Last night, Tyler and I were fortunate enough to see the West Hollow Middle School’s production of CATS, the broadway musical. My cousin, Christopher, was performing as Macavity, and what more can I say, except that the entire cast was absolute perfection!
Anyway, you are probably wondering what the point of this blog post is? Well, CATS, the broadway musical, has always held a special place in my heart. It was one of the first broadway musicals that I ever went to when it was originally on broadway, and because we knew one of the actors, I was fortunate enough to be taken behind the scenes, and even had my face painted like one of the actors.
The song, Memory, from the musical CATS has also held a special place in my heart. But, while I sat in the audience last night, I realized that my experience with a chronic illness, such as Lymphedema, left me feeling very much like Grizabella, the “Glamour Cat.”
For those unfamiliar with Grizabella, let me introduce you to her character. Throughout the play she is portrayed as an elderly cat, weathered by age and life, which has left her nearly unrecognizable to the cat she once was before. Throughout the play, the other cats are repulsed by Grizabella. They do not touch or welcome her around, but rather, they shun her. But, at the end of the play, Grizabella sings the song “Memory,” and is ultimately chosen by Old Deuteronomy to be “reborn.” It is at this time, that the other cats start to accept, welcome, and embrace her as one of their own.
The lyrics to “Memory,” so profound and devastatingly beautiful, reduced me to tears last night. I was Grizabella, the “Glamour Cat,” and had been for many years.
Below are the lyrics, and my own interpretation, which I believe my fellow Lymphies can relate to, as well as others suffering from chronic illnesses.
“Midnight not a sound from the pavement
Has the moon lost her memory?
She is smiling alone
In the lamplight
The withered leaves collect at my feet
And the wind begins to moan
Memory all alone in the moonlight
I can smile at the old days
I was beautiful then
The time I knew what happiness was
Let the memory live again
Every street lamp
Seems to beat a fatalistic warning
Someone mutters at the street lamp gutters
And soon it will be morning
Daylight I must wait for the sunrise
I must think of a new life
And I mustn’t give in
When the dawn comes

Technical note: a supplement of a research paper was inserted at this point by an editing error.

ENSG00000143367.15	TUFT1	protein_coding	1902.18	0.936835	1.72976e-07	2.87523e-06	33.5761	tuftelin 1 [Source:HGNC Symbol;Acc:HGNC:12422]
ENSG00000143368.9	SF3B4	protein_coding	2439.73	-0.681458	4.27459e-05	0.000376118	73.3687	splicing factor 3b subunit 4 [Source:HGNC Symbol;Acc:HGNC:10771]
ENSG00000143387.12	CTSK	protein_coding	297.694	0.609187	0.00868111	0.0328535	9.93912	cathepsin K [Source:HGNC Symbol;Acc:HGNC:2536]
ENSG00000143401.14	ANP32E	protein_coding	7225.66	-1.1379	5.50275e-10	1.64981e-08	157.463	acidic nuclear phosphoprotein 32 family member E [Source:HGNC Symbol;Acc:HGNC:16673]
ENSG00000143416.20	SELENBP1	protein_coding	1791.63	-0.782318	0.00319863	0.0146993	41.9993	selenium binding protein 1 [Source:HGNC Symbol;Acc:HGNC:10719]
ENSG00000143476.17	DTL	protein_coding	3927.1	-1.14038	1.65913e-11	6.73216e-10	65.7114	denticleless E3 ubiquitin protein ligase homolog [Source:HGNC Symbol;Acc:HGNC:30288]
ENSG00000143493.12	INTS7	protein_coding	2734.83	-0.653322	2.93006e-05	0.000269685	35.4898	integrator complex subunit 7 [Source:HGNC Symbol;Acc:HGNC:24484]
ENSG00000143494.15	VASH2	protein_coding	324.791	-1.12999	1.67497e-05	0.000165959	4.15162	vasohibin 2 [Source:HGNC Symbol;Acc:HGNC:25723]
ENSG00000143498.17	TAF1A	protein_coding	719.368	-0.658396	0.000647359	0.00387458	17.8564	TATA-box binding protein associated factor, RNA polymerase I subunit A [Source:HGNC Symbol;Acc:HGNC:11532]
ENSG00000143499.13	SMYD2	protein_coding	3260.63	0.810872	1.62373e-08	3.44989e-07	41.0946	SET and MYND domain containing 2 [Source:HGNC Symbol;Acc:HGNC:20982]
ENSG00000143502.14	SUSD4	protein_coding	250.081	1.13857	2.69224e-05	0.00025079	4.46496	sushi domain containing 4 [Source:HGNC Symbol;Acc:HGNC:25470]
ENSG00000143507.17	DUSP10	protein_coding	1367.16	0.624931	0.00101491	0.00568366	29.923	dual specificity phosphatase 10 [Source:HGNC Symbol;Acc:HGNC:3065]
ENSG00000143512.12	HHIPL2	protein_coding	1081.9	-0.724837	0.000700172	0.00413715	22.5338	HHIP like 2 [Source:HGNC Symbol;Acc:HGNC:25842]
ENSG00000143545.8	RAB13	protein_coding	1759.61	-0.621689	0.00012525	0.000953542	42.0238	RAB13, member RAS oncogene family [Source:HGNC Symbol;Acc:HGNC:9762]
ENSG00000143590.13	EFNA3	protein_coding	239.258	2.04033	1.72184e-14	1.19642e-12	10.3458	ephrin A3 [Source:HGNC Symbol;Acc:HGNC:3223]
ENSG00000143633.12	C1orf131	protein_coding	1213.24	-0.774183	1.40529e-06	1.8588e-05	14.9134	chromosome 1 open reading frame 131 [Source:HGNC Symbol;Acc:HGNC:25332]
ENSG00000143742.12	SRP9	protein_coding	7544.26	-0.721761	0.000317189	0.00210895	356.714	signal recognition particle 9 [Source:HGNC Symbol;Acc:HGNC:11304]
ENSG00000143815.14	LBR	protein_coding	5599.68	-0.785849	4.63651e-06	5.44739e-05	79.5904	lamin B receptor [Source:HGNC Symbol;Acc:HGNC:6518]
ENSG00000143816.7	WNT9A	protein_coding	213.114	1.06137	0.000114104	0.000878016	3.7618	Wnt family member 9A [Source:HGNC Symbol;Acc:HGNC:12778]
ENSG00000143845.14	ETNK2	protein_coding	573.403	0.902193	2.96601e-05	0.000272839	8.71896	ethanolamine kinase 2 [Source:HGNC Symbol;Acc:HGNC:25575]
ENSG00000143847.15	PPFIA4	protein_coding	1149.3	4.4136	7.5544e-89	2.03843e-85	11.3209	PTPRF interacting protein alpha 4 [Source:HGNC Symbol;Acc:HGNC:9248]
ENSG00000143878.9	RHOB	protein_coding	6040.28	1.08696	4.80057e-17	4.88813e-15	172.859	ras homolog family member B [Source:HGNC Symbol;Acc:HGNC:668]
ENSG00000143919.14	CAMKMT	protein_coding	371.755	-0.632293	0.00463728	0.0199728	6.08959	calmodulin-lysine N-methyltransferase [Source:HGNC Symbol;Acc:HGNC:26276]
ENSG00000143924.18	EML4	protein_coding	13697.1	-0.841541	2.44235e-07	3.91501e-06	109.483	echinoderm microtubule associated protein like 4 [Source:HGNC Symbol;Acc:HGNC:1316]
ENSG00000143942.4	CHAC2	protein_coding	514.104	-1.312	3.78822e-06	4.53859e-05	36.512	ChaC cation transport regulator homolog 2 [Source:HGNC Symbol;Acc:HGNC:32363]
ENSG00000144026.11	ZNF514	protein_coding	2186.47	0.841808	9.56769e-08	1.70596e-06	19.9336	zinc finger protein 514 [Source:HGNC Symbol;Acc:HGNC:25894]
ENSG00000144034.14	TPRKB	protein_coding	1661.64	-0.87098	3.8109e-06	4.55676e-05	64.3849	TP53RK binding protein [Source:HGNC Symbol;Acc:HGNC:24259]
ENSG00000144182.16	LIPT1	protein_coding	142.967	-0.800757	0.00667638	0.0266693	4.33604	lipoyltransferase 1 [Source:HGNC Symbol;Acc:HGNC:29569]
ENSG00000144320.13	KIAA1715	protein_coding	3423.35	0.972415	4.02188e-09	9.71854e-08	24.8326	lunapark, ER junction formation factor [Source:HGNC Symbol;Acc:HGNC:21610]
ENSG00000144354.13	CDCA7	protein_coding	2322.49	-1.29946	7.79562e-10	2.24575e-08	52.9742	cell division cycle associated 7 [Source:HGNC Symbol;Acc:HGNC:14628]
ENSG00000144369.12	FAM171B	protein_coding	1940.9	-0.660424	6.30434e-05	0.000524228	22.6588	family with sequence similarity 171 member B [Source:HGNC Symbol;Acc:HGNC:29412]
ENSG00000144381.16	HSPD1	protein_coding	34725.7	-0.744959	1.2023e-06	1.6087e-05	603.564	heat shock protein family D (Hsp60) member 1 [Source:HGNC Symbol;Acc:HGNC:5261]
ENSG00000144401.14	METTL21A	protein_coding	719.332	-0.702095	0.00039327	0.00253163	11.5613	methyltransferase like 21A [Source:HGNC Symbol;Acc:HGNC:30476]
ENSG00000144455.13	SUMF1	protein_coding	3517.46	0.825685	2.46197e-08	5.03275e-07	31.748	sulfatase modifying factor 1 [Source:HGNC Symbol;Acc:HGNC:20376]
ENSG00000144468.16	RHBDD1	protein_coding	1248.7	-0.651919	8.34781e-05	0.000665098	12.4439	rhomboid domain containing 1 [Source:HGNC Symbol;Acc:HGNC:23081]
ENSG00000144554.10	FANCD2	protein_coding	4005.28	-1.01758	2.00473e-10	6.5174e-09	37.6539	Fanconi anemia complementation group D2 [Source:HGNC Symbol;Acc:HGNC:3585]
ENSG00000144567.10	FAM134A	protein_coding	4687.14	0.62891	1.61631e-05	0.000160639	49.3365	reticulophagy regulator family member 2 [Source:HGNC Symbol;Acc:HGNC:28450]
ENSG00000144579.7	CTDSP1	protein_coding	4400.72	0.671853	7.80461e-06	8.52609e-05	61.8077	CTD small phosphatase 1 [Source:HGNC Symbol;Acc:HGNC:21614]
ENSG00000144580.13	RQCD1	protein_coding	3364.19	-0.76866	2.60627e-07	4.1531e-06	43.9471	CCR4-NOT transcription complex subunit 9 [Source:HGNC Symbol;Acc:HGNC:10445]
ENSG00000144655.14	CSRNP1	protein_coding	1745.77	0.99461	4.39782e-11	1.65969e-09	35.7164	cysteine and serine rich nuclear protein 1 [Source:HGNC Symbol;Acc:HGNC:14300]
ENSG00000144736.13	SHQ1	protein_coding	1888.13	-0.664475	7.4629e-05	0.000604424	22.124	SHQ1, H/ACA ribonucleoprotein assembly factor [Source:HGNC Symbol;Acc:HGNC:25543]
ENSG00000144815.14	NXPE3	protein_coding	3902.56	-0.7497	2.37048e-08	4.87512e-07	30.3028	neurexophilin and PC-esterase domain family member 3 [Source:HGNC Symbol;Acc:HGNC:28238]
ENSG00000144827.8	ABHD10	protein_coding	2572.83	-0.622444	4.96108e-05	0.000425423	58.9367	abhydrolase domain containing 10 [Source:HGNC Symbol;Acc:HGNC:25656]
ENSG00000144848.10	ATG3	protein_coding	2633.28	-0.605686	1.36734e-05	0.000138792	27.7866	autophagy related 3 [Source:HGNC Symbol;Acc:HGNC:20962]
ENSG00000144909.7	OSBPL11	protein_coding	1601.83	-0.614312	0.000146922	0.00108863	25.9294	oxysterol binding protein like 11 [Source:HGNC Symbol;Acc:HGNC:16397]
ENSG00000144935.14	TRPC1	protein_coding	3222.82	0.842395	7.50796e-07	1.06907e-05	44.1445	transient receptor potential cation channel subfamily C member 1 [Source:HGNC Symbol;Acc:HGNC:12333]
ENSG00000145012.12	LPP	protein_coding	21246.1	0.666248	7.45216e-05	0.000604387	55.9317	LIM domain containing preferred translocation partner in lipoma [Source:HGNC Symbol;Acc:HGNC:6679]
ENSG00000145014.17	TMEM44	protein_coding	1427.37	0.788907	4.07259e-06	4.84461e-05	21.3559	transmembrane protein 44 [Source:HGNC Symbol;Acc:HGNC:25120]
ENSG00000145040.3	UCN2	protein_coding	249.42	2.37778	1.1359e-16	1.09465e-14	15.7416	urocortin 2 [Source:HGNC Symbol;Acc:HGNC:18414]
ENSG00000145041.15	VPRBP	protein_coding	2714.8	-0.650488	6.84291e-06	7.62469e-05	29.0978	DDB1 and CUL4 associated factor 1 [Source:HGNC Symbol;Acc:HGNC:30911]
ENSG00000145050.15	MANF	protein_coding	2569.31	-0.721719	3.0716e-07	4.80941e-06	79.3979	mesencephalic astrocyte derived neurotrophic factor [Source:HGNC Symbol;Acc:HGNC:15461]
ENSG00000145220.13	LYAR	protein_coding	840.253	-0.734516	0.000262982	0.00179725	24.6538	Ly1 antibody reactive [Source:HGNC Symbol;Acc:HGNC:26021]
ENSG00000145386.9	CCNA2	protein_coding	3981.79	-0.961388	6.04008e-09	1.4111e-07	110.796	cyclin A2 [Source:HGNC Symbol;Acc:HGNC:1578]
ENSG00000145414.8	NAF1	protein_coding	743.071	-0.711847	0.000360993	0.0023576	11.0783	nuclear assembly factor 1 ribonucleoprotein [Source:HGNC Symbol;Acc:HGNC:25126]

Tonight will be a memory too
And a new day will begin
Burnt out ends of smoky days
The stale cold smell of morning
The street lamp dies, another night is over
Another day is dawning
Touch me it’s so easy to leave me
All alone with my memory
Of my days in the sun
If you touch me
You’ll understand what happiness is
Look a new day has begun”
When dealing with a chronic illness, such as Lymphedema, it can leave you feeling “lost” and leave you feeling like you are spiraling out of control. It can also leave you feeling like you are in the ocean, while the waves crash down, without an anchor in the turbulent storm of life. It is easy to fall into the rabbit hole with little energy or desire to climb back out. It becomes easier to say, “What’s the point?” It becomes easier to succumb to the life you have been unfairly dealt.
In the beginning, I felt just like Grizabella, weathered and aged by my diagnosis despite the fact that I was young and vibrant. Each day was breaking me down until I did not recognize who I was looking at in the mirror. Although I pushed everyone away after I was diagnosed, I like Grizabella, secretly longed for someone to touch me, to ground me, and to tell me that Lymphedema had not changed me. I needed someone to tell me that I was still the same person I was before Lymphedema. The world kept moving, time kept passing, and people’s lives eventually moved on, with or without me. I like Grizabella, was trapped with my memories “of my days in the sun,” with only me left to rescue me.
However, although Grizabella was vulnerable, she was also a survivor. Similarly to Grizabella, I remained hopeful that one day I would accept my diagnosis and thrive despite it. Deep down, I knew that I could not let Lymphedema win, but rather, I had to fight it both emotionally and physically. Similarly to Grizabella, I remained hopeful that at some point my diagnosis and the painful days of isolation, emotional fatigue, and physical pain and exhaustion, would be a distant memory, one that would cause me to grow and would shape me into the woman I would later become. Although I felt broken down and beaten, I remained hopeful a new day would come, and with it, happiness and new memories to accompany my own treasured collection of memories from before Lymphedema.
I believe, in a way, we are all “Grizabella,” yearning and longing for someone to touch us, to feel our pain, and to validate our experiences. But, as humans, we remain hopeful in the face of adversity. Hopeful for new research, hopeful for a cure, and hopeful that no matter how dark the days ahead may be, there will always be a new day to come.
Last night, the beautiful lyrics of “Memory” brought me to tears in the audience. I saw my broken and fragile self in the mirror when looking at Grizabella, but I also saw how far I have come since my diagnosis. I saw the brave, strong, and hopeful woman sitting in the audience. I know now that I am the same person I was before I was diagnosed, with more happiness and beautiful memories to last a lifetime, but I also have scars that have molded me into the woman I have become.
One of my best friends was sitting next to me last night in the audience. At the end of the performance of “Memory,” she leaned over to me and said, “You have been reborn too.” And, she was absolutely correct, I have been and you can be too. We are all Grizabella, the “Glamour Cat,” which means we have the ability to remain hopeful, and we all have the ability to thrive despite our chronic illness, and we all have the ability to find happiness once again.